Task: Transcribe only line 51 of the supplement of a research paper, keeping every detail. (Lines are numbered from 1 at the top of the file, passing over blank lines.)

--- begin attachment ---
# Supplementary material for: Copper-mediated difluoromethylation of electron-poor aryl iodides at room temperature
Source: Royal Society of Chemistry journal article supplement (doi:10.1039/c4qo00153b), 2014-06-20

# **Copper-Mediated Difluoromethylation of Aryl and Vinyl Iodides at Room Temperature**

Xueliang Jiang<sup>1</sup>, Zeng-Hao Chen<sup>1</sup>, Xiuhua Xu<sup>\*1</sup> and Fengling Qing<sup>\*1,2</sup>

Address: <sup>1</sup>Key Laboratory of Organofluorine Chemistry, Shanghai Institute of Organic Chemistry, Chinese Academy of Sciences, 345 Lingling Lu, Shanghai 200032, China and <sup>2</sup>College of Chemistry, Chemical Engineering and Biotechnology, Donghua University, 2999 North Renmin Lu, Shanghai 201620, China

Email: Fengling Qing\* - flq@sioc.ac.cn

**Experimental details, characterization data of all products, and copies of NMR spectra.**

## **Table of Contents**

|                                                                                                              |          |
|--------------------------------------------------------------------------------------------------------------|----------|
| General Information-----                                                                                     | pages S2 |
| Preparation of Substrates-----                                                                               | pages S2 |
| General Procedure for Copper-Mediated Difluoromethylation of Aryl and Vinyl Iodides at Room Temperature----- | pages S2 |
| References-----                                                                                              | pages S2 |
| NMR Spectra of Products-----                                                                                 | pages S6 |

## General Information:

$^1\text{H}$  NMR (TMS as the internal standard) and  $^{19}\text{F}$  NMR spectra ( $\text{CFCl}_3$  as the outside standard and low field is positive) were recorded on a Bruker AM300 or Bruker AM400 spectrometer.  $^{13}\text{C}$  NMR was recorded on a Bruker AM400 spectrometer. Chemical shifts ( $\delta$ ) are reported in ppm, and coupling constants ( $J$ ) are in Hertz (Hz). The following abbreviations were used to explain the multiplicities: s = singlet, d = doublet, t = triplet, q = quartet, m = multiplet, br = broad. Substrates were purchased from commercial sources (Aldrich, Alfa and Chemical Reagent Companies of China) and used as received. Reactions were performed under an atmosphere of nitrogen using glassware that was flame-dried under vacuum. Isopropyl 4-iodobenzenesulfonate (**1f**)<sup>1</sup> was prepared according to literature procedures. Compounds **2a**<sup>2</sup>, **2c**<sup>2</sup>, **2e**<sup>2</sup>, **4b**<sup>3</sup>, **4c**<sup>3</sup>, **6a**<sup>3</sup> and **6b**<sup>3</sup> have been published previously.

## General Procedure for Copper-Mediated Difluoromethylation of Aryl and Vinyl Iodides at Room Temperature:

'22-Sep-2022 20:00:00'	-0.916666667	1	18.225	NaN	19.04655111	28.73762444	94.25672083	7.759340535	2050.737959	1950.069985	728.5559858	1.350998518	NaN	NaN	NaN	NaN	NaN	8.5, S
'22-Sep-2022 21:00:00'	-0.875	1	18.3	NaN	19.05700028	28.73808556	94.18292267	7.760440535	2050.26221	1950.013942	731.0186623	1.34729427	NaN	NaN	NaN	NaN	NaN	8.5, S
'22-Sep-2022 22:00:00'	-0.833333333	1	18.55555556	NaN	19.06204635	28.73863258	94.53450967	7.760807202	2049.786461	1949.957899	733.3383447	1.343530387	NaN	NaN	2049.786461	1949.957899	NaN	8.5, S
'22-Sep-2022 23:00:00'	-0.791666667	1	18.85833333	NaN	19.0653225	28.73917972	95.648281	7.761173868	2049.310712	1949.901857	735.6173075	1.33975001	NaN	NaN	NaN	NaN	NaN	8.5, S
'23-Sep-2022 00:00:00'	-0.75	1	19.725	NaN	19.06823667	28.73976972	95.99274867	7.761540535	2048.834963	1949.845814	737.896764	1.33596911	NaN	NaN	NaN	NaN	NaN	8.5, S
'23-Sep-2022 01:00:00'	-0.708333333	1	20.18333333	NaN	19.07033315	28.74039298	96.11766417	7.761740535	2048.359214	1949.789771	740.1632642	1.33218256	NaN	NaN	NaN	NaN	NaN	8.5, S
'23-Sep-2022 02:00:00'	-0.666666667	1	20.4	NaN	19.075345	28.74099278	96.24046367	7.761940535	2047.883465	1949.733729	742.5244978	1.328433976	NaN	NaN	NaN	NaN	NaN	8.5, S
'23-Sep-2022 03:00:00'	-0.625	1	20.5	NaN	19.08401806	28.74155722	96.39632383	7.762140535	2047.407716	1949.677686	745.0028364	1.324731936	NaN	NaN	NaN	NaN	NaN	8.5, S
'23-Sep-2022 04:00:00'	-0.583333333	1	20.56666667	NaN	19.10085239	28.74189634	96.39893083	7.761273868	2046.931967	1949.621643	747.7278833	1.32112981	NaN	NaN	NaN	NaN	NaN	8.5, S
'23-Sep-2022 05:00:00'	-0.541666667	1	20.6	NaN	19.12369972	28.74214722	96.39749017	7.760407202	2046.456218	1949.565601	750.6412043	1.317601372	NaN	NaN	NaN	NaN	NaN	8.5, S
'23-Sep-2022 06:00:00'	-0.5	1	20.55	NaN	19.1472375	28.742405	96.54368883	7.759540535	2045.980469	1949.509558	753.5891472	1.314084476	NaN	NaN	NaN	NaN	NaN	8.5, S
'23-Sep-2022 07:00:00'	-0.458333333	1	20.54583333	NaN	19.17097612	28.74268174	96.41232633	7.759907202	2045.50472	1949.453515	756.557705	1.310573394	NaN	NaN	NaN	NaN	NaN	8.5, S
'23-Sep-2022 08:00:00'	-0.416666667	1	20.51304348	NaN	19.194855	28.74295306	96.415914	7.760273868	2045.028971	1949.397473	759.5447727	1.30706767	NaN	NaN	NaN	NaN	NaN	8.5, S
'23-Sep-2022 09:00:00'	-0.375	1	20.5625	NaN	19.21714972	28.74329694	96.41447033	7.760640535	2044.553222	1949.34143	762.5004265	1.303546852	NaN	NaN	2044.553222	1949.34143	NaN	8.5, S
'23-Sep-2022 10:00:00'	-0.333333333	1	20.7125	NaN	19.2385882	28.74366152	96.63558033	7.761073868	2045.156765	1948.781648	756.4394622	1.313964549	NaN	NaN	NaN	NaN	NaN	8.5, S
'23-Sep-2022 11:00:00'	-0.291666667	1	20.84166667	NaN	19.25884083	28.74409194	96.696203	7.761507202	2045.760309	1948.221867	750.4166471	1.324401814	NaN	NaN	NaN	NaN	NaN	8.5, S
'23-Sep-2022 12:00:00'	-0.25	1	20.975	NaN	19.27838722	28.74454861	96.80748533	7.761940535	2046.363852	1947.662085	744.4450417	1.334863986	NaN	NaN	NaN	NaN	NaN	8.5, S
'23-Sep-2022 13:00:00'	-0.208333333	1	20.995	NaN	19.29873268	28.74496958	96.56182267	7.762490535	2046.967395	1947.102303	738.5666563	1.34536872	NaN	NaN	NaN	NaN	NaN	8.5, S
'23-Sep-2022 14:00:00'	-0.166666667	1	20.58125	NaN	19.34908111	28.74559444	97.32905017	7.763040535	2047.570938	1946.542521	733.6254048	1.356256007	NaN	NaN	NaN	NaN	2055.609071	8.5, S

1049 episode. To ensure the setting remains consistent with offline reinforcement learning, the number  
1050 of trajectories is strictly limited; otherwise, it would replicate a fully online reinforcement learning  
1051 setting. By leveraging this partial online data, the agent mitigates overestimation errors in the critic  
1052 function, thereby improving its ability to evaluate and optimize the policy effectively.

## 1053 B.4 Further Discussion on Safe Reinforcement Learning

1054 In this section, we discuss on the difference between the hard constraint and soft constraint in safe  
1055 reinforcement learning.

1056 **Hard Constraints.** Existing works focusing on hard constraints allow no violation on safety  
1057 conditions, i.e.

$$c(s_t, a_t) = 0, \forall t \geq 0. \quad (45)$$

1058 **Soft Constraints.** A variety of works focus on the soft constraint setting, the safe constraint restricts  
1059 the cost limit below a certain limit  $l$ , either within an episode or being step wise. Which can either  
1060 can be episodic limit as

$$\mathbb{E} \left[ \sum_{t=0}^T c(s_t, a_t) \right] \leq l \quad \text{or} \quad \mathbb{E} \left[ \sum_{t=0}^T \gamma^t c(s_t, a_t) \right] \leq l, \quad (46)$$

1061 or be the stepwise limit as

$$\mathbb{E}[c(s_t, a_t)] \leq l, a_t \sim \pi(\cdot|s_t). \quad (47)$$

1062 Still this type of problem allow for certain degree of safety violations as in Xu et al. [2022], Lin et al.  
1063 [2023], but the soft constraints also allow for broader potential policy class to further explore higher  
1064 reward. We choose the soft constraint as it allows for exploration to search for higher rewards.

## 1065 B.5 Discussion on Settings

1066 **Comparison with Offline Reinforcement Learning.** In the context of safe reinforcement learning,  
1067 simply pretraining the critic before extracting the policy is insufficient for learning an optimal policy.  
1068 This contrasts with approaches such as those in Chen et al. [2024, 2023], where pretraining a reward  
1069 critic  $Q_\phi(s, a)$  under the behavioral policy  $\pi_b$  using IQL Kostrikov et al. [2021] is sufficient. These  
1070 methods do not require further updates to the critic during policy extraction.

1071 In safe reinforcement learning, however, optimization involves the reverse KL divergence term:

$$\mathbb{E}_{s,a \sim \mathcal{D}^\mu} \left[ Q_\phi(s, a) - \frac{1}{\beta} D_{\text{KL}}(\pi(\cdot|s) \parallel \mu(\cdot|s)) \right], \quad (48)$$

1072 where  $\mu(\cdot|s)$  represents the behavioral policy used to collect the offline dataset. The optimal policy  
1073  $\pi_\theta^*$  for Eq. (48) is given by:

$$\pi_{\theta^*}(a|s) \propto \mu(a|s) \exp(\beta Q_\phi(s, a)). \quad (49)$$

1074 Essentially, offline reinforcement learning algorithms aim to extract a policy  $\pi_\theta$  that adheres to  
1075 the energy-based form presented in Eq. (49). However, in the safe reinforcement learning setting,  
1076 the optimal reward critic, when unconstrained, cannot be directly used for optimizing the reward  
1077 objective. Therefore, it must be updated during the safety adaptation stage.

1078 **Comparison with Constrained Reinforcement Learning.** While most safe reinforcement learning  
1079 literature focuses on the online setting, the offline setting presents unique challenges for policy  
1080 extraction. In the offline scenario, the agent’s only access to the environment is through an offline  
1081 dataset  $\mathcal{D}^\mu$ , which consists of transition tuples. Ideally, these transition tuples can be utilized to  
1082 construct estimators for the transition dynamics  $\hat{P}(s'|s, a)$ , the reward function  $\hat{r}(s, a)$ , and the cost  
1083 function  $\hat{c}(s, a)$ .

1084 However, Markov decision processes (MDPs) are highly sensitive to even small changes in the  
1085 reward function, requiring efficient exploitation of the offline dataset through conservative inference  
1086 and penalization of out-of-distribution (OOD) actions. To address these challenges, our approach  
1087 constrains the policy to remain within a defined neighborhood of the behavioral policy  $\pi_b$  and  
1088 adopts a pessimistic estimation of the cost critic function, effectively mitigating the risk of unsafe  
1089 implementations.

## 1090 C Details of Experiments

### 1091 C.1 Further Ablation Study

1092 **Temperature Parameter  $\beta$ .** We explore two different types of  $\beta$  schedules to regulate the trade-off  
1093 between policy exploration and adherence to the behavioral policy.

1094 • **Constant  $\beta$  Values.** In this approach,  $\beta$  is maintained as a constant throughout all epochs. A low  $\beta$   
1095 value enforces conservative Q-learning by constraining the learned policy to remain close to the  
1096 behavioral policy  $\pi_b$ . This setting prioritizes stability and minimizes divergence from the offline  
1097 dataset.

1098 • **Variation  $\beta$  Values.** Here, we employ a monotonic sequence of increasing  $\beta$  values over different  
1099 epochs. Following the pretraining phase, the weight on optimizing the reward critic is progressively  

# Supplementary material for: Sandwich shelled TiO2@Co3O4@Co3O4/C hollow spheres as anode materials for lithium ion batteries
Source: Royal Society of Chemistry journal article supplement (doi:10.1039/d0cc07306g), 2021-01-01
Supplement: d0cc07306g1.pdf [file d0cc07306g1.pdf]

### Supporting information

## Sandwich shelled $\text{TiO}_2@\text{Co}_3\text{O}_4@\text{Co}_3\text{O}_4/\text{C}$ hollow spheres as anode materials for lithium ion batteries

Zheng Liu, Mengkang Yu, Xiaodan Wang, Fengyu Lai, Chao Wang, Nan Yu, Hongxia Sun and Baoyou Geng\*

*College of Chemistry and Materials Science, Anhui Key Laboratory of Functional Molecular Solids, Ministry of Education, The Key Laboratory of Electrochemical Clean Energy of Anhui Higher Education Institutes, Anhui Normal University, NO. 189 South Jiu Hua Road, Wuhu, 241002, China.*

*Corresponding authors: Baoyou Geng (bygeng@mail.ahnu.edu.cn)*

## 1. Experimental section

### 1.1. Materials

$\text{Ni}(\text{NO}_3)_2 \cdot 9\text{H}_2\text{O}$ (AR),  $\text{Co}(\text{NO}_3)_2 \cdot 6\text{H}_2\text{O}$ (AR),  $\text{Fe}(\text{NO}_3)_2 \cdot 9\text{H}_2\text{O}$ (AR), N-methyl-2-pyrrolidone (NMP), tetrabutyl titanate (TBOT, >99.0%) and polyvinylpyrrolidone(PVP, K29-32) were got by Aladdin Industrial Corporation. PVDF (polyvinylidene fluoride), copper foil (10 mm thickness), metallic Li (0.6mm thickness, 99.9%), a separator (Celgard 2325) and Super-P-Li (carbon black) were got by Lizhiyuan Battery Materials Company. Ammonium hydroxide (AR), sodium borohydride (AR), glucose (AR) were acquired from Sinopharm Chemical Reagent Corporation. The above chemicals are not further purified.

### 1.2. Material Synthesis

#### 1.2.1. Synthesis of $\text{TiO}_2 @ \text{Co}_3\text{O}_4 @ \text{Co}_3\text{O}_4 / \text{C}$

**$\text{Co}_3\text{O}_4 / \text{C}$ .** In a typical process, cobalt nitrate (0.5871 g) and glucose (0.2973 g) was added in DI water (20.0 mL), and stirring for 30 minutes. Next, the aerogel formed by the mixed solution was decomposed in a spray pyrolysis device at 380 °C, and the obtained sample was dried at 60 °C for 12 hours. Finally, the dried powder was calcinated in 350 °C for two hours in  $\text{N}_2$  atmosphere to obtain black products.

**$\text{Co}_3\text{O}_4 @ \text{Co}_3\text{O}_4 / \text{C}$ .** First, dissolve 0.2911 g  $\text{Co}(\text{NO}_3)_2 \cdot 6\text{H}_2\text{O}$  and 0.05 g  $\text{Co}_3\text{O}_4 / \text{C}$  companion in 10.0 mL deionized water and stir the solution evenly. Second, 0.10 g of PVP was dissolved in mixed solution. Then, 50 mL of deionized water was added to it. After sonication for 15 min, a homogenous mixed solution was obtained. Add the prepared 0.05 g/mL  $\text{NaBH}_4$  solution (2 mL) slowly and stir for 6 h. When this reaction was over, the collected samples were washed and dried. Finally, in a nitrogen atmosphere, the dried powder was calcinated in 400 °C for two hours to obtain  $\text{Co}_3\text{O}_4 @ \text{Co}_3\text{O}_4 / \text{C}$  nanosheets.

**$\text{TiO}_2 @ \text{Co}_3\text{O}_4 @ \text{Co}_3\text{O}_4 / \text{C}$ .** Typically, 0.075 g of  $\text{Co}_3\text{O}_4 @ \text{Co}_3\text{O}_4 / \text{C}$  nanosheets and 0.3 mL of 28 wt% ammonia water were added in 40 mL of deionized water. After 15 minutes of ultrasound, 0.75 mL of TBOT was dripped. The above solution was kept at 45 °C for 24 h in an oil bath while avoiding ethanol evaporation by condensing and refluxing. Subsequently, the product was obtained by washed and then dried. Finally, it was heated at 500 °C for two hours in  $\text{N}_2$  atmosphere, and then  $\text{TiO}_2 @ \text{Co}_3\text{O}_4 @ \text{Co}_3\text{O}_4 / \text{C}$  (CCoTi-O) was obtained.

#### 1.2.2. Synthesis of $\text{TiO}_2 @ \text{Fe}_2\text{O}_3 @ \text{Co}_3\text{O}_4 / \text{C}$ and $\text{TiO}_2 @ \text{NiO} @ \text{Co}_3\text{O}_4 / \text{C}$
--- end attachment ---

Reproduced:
$$\mathbb{E} \left[ \sum_{t=0}^T c(s_t, a_t) \right] \leq l \quad \text{or} \quad \mathbb{E} \left[ \sum_{t=0}^T \gamma^t c(s_t, a_t) \right] \leq l, \quad (46)$$